Thursday, July 9, 2015

Bob Dylan: "There Ain't Too Much I Can Say About This Song...."

Bob Dylan and Joan Baez, March on Washington for Jobs and Freedom, August 28, 1963

Bob Dylan was only 21 on July 9, 1962 when he walked into the Columbia Recording Studios in New York to record a song to be included on his second album. The song, Blowin' in the Wind, brought him fame and recognition as one of the nation's leading folk poets in the twentieth century. The lyrics and Dylan's comments on the song were published in June 1962 in the folk journal, Sing Out. He said this:

Too many of these hip people are telling me where the answer is but oh I won’t believe that. I still say it’s in the wind and just like a restless piece of paper it’s got to come down some ...But the only trouble is that no one picks up the answer when it comes down so not too many people get to see and know . . . and then it flies away.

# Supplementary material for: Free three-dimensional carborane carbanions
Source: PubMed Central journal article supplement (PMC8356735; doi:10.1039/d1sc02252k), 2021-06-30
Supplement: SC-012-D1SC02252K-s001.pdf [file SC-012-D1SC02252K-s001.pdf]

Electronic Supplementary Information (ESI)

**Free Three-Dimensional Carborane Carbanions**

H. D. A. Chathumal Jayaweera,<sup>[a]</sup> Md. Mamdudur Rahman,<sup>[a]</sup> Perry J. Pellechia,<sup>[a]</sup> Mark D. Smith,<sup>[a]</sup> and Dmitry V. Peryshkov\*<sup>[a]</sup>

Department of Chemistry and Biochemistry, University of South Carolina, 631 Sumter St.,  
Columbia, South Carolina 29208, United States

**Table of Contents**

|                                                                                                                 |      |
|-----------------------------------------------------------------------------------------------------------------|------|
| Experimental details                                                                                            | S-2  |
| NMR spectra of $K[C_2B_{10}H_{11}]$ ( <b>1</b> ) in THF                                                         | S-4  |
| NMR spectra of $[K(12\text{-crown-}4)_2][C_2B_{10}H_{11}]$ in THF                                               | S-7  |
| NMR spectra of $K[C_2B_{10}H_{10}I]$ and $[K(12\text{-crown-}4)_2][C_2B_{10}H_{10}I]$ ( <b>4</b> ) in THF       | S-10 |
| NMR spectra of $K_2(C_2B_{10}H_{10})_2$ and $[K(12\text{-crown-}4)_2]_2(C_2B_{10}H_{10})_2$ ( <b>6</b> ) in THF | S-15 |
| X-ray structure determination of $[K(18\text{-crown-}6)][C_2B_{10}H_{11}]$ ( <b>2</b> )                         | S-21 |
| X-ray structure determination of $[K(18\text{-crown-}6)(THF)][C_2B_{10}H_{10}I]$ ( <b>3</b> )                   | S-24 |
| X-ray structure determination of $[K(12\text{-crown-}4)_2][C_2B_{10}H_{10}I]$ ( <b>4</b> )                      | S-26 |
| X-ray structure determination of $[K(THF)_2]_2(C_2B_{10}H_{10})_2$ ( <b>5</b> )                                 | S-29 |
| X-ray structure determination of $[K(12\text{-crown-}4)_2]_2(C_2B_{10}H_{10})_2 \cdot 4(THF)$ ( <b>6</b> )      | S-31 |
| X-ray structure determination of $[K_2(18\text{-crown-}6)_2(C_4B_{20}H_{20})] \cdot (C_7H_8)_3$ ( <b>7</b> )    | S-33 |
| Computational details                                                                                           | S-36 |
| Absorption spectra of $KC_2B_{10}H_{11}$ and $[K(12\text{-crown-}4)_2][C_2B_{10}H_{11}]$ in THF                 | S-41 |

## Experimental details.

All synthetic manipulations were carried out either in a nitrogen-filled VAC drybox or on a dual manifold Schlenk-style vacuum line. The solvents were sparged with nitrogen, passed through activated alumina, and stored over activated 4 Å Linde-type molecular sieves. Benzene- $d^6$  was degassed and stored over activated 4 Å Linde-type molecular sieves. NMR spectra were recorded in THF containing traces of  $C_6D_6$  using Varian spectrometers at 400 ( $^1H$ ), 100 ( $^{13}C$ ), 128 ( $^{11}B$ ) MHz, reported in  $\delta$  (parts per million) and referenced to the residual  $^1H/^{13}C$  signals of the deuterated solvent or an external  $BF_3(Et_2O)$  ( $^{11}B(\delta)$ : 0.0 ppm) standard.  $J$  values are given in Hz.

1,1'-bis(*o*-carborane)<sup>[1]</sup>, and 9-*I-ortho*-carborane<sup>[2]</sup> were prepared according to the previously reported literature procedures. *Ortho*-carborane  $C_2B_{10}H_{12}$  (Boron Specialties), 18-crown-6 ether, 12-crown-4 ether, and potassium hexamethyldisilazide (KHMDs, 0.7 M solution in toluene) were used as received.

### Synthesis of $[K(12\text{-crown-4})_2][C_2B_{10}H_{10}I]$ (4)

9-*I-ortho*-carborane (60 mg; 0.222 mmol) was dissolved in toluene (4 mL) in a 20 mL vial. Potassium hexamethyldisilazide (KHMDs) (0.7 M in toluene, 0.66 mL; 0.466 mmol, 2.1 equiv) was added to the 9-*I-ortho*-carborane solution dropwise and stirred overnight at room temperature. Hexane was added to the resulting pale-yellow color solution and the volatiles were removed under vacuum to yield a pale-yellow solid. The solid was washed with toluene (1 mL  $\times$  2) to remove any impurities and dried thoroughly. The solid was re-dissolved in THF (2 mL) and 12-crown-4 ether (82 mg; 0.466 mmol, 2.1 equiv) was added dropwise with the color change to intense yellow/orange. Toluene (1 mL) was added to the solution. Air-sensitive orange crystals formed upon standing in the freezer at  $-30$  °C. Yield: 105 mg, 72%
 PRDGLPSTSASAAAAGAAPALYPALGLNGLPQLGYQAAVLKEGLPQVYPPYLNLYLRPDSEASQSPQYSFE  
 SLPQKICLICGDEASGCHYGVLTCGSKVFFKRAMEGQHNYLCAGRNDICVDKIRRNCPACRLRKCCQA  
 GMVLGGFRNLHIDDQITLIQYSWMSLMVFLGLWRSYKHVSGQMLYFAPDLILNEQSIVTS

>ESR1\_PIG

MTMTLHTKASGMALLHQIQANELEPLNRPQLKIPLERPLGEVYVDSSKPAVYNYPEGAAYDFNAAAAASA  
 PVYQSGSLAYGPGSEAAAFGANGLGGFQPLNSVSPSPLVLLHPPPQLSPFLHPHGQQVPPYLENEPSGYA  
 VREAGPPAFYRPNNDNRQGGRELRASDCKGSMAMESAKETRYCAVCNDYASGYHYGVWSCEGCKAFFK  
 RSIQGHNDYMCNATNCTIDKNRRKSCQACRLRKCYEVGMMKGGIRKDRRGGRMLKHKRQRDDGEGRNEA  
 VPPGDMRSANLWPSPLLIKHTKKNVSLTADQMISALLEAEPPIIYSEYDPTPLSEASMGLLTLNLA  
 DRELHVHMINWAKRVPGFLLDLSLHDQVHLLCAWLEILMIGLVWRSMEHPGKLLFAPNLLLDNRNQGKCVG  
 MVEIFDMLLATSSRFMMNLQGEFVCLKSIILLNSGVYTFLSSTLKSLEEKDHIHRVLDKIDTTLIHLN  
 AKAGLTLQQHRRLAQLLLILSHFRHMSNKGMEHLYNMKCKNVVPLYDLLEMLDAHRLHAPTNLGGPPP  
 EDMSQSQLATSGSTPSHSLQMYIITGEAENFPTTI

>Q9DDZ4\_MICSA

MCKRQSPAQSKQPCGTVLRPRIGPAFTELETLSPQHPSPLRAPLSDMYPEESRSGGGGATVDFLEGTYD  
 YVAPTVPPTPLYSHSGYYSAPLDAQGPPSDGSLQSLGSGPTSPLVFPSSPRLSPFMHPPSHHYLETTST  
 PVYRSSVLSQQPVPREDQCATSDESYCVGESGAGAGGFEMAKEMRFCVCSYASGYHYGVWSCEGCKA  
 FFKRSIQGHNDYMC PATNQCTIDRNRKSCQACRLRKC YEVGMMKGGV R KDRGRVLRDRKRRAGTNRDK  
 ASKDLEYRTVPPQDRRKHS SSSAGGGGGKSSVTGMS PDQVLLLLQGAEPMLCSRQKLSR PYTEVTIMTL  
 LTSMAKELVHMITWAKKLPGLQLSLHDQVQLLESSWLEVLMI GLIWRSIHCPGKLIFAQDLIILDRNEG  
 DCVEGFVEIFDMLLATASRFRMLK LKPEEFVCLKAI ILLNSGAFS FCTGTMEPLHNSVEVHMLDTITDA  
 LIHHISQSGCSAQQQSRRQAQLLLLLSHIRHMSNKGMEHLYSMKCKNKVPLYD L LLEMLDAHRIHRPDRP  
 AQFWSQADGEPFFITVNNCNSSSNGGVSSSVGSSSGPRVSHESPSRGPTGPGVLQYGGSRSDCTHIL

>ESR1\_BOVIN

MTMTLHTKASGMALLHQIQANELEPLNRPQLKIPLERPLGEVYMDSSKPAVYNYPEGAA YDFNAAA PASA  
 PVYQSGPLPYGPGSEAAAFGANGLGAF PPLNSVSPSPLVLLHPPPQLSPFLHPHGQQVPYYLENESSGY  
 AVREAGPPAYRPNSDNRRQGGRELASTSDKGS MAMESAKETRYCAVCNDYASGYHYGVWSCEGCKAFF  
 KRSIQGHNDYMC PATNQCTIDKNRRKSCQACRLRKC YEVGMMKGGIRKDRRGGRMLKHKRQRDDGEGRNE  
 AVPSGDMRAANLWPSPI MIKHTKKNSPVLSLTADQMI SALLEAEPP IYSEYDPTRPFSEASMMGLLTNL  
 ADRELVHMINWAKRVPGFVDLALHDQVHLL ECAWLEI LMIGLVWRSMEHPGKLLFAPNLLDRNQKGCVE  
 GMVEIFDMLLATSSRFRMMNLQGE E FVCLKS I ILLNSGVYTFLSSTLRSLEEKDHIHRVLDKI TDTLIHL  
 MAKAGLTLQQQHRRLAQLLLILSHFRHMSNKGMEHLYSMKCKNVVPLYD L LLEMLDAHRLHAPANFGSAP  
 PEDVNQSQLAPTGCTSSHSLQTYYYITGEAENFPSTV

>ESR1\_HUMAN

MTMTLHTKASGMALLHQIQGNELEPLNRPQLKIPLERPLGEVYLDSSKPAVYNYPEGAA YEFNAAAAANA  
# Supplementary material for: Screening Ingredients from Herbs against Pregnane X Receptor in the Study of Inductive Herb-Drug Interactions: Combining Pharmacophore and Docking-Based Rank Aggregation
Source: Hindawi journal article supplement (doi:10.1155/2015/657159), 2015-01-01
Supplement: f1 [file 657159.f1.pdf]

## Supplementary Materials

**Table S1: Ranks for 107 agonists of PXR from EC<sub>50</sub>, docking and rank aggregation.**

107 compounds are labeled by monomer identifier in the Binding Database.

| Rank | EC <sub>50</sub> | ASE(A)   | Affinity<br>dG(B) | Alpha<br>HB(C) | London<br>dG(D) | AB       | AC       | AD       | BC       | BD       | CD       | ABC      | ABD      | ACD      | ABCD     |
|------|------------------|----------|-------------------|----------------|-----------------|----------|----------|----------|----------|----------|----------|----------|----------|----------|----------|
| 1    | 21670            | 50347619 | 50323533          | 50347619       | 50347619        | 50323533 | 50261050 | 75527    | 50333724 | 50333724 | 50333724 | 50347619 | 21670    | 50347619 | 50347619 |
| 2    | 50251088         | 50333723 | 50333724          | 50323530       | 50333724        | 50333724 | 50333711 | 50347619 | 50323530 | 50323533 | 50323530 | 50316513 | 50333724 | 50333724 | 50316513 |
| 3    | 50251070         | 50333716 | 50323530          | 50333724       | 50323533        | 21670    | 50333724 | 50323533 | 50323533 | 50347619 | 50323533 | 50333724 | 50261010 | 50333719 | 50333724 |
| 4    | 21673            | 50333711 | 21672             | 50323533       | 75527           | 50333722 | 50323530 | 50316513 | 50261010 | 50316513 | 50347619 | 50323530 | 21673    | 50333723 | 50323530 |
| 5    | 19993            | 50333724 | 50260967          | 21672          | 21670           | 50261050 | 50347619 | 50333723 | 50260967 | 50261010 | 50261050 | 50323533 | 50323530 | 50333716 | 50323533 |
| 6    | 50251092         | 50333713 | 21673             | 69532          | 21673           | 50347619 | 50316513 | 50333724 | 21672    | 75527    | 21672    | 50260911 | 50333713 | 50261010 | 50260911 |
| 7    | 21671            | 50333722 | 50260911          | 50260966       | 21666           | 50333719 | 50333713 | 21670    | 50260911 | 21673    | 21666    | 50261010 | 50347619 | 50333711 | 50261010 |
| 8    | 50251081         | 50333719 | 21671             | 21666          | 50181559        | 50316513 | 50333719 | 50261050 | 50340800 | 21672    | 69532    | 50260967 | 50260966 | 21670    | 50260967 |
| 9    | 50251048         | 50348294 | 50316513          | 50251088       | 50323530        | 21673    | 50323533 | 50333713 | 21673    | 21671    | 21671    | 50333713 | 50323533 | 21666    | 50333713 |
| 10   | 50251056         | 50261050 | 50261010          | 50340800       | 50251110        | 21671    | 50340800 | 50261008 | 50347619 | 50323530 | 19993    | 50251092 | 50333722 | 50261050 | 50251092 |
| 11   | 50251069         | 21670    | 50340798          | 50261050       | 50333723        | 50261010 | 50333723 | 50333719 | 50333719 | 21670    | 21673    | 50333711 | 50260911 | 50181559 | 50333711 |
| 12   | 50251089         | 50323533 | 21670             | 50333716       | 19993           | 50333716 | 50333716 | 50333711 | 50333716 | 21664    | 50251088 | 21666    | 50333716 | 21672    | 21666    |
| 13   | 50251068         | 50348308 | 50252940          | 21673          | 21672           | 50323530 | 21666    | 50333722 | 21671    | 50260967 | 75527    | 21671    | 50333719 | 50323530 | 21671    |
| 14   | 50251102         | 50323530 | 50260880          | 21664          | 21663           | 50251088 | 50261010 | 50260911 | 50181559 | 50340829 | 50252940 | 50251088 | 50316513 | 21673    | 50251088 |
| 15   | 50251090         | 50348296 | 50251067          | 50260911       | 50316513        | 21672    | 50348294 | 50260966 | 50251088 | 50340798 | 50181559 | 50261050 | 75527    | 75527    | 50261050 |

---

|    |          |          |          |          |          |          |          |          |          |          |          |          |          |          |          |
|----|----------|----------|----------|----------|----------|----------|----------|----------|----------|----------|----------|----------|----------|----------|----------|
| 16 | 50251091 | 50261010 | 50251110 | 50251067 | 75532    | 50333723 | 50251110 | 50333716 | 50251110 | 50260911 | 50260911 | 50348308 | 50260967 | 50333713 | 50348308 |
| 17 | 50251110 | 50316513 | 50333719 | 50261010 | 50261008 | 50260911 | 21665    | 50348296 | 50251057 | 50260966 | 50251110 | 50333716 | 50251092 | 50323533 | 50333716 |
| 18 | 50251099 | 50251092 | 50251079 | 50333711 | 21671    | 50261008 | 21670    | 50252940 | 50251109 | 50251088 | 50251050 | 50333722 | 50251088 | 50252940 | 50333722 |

The music critic, Andy Gill, said this about the song in his book, Classic Bob Dylan, 1962-1969: My Back Pages:

Blowin' in the Wind marked a huge jump in Dylan's songwriting. Prior to this, efforts like The Ballad of Donald White and The Death of Emmett Till had been fairly simplistic bouts of reportage songwriting. Blowin' in the Wind was different: for the first time, Dylan discovered the effectiveness of moving from the particular to the general. Whereas The Ballad of Donald White would become completely redundant as soon as the eponymous criminal was executed, a song as vague as Blowin' in the Wind could be applied to just about any freedom issue. It remains the song with which Dylan's name is most inextricably linked, and safeguarded his reputation as a civil libertarian through any number of changes in style and attitude.

The song remains a poem for our times, perhaps all times.



U.S. Archives and Records Service, Rowland Scherman Collection

Text:, Bob Dylan entry

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